By Don McIntosh
For years, nurse unions have been sounding the alarm about understaffing: Hospitals have not been scheduling enough nurses to serve patients well, and that’s resulting in missed breaks and nurse burnout. Now, 18 months into a global pandemic, the staffing shortage itself is becoming an urgent public health crisis, leaders of Oregon Nurses Association (ONA) said in an online Oct. 7 press conference.
In Oregon, Providence alone has 2,000 openings in caregiver positions, ONA said. Hospitals are employing traveling nurses as an expensive fix. Up to 30% of the nursing staff in some hospitals are travelers.
Meanwhile, in a union survey at OHSU, 86% of nurses reported fatigue, burnout and morale distress, and 60% said they’re considering leaving the profession.
Gov. Kate Brown’s vaccine mandate will make the shortage worse Oct. 18, when hospitals remove the 4% to 10% of nurses who are unvaccinated.
“When hospitals are short staffed, you and your family members pay the price,” said ONA president Lynda Pond. “You pay it with 12-hour ER visits, you pay it with more hospital injuries and infections. Your grandmother pays it when she has to go back to chemo because her cancer surgery was postponed due to a lack of staff. We all pay the taxes to cover the cost of hundreds of traveling nurses and 1,500 National Guard members who are called upon to plug the gaps. And finally, you pay it with a higher risk of death when you enter the hospital. Decades of research have shown that nurse staffing is one of the most effective, affordable ways to keep patients healthy.”
ONA isn’t just complaining about the crisis; it’s proposing solutions, if hospitals, the governor, and lawmakers will listen:
- Hospitals: Start honoring legally required meal and rest breaks, and replace the “buddy system” of breaks with designated break nurses. And end the expensive and unsustainable practice of relying on traveling nurses.
- Nursing schools: Increase nursing faculty salaries to mirror clinical salaries, and increase the number and size of nursing student scholarships.
- Governor Brown: Create a commission to systemically review Oregon healthcare staffing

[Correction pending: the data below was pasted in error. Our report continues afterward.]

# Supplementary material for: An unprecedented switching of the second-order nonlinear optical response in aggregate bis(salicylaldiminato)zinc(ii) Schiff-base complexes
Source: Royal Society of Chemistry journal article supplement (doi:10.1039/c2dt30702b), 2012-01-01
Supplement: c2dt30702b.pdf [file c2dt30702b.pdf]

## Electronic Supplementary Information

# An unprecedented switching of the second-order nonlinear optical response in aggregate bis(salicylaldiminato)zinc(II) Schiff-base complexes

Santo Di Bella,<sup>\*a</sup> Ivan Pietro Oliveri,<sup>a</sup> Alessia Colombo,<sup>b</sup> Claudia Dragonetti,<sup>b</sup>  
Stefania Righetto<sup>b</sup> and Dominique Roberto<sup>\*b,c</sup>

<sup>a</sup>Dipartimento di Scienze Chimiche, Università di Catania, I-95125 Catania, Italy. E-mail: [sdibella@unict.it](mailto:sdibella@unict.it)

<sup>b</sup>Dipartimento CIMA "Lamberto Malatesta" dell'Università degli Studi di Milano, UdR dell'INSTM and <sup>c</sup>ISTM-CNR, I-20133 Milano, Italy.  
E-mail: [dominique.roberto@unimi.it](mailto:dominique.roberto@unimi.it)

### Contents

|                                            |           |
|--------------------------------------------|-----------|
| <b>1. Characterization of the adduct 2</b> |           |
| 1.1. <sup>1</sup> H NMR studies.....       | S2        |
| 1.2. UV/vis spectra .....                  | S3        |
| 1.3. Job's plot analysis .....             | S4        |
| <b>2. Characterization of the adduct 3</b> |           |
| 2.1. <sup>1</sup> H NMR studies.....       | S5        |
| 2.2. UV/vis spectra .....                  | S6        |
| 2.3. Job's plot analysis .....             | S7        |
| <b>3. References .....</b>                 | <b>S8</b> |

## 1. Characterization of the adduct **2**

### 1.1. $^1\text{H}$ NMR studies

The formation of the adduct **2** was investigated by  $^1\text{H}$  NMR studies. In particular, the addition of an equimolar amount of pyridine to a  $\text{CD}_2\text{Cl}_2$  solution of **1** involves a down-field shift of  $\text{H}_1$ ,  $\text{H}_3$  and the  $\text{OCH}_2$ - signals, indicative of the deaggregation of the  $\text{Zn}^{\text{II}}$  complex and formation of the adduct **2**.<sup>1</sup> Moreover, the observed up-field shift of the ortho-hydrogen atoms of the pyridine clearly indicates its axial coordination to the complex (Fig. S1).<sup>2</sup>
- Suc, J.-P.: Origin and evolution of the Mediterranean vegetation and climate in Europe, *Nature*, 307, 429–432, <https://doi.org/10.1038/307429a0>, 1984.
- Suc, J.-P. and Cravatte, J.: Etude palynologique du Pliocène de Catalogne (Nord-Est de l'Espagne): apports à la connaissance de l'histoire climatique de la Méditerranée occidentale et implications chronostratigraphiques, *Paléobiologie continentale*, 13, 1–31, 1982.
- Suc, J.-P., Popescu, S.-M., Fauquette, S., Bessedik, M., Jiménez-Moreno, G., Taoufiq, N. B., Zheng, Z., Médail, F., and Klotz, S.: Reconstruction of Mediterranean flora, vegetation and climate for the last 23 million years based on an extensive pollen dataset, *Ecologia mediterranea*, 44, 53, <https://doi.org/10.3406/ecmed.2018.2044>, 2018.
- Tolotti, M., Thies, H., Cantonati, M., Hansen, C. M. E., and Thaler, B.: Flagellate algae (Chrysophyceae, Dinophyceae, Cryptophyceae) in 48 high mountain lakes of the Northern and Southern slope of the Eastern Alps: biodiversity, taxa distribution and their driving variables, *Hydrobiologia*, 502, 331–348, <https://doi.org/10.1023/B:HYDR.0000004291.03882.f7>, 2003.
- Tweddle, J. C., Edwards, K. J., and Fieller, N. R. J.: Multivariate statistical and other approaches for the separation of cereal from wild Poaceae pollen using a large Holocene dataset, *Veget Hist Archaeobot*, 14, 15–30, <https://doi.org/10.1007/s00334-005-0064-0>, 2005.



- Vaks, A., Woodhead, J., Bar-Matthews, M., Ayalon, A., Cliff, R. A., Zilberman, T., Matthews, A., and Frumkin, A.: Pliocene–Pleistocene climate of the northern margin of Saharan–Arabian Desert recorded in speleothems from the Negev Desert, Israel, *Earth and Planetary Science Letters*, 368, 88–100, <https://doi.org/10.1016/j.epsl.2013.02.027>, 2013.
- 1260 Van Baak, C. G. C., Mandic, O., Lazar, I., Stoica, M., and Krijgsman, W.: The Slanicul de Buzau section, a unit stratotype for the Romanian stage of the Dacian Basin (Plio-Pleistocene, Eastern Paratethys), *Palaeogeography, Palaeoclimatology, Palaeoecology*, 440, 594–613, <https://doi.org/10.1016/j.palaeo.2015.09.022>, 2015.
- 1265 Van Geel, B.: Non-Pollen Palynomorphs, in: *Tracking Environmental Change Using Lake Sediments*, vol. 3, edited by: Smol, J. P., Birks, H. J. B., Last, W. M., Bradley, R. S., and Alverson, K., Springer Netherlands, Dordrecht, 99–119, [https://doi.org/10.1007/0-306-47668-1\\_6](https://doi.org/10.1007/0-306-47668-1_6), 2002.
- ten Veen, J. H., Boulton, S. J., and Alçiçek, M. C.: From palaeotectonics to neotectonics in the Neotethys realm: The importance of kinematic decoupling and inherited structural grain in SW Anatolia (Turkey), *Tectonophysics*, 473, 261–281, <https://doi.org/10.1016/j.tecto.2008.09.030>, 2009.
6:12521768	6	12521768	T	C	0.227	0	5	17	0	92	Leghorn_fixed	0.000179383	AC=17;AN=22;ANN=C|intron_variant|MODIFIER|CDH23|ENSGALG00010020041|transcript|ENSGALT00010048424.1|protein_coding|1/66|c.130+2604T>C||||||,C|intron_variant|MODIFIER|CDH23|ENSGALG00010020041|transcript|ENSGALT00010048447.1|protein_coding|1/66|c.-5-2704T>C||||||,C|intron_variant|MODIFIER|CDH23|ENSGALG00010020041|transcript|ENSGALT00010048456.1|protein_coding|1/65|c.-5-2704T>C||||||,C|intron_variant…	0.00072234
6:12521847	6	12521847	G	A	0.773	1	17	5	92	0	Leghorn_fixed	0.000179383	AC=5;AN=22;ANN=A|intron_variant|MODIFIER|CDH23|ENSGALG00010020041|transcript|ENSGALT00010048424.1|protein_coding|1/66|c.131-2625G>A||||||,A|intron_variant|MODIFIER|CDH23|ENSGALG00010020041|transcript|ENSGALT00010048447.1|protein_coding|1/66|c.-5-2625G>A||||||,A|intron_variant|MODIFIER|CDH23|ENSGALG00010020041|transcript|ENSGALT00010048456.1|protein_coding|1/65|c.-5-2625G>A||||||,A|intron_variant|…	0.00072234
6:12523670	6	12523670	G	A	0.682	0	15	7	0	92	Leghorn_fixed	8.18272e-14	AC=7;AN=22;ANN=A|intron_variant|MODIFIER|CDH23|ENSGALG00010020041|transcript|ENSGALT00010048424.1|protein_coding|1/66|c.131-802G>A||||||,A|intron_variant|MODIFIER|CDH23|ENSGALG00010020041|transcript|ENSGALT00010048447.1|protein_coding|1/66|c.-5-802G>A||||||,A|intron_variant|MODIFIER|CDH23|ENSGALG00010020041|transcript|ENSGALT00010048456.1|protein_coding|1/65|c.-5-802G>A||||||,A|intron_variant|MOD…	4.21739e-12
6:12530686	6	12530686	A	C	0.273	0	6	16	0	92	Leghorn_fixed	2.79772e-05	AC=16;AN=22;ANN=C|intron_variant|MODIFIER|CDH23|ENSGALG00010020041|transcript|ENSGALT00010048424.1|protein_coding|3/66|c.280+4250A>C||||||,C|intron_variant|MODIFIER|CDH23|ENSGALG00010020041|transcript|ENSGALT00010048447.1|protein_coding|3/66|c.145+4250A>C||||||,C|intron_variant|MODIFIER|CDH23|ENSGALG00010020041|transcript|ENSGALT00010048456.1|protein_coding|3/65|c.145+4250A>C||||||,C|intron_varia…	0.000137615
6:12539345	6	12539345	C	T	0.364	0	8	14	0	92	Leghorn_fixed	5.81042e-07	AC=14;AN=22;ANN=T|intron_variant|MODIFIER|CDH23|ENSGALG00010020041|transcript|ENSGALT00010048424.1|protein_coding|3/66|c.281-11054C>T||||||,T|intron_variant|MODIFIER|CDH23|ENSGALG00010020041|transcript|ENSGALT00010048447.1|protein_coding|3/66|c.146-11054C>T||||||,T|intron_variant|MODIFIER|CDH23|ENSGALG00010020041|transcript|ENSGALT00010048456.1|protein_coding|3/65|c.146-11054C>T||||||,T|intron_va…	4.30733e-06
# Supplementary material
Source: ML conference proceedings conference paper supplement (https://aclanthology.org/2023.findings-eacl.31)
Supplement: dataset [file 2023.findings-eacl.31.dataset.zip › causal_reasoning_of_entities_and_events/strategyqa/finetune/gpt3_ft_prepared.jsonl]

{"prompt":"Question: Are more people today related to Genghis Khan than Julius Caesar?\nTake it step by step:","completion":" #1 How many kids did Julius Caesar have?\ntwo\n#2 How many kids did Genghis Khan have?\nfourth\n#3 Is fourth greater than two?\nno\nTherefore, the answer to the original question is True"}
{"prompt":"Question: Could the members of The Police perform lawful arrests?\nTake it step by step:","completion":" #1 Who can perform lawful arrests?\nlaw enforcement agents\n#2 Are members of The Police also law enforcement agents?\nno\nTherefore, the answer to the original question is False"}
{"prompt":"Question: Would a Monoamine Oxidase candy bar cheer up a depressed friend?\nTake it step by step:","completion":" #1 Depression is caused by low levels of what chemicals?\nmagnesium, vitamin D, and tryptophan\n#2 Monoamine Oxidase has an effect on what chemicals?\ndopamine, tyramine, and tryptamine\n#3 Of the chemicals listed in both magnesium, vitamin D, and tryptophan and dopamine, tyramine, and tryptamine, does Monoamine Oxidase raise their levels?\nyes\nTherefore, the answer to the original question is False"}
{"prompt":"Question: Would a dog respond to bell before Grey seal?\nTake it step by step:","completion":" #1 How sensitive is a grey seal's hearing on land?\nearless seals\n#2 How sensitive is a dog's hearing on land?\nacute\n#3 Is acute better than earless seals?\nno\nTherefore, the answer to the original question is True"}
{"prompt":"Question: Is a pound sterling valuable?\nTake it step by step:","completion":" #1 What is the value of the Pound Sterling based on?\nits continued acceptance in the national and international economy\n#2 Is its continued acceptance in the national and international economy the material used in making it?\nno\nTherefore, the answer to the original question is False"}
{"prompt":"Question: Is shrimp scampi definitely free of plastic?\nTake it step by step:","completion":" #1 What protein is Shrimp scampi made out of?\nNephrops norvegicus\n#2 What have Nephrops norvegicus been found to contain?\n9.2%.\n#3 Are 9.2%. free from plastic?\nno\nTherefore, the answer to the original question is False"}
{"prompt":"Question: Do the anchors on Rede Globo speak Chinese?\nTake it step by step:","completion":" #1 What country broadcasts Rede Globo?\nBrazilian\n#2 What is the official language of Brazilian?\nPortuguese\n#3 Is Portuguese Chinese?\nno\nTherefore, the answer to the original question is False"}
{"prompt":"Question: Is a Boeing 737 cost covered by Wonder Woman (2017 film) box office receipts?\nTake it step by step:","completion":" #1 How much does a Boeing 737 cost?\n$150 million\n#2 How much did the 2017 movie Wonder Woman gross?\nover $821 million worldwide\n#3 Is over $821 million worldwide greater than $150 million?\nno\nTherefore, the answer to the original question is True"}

- Oregon Legislature: Provide loan forgiveness to nursing students who agree to complete four years of work in areas of great need.
Hospitals–and lawmakers–need to listen to nurses. Here’s what three who are officers of the Oregon Nurses Association had to say:
STAFFING WAS ALREADY A PROBLEM
“Nurses have been demanding that hospitals address short staffing for years, and hospital executives have ignored us, because it’s cheaper to run lean, it’s cheaper to stretch the people and resources, it’s cheaper to hire one nurse to do the job of two to three.”
–Lynda Pond, Sacred Heart in Springfield
THEN THE PANDEMIC TOOK A TOLL ON MORALE
“One of the most distressing things is seeing the despair on the nurses’ faces, and the fatigue, and it’s more profound than I’ve ever seen. To see the whole ICU filled with the same diagnosis, that never happened. In flu season we might have five or six flu patients in the ICU, not 30 with the same diagnosis. That’s like a mass casualty event.”
–Matt Calzia, Sacred Heart in Springfield
NOW NURSES ARE WORRIED FOR THE FUTURE
“We are concerned that burnout will lead to nurses leaving the bedside—and, in Oregon, we will not be able to educate a large enough number of nurses to replace them.… Many potential nurses look at the profession with suspicion. Why would a young person choose to enter nursing, when the job is so difficult?”
–Natasha Schwartz, OHSU
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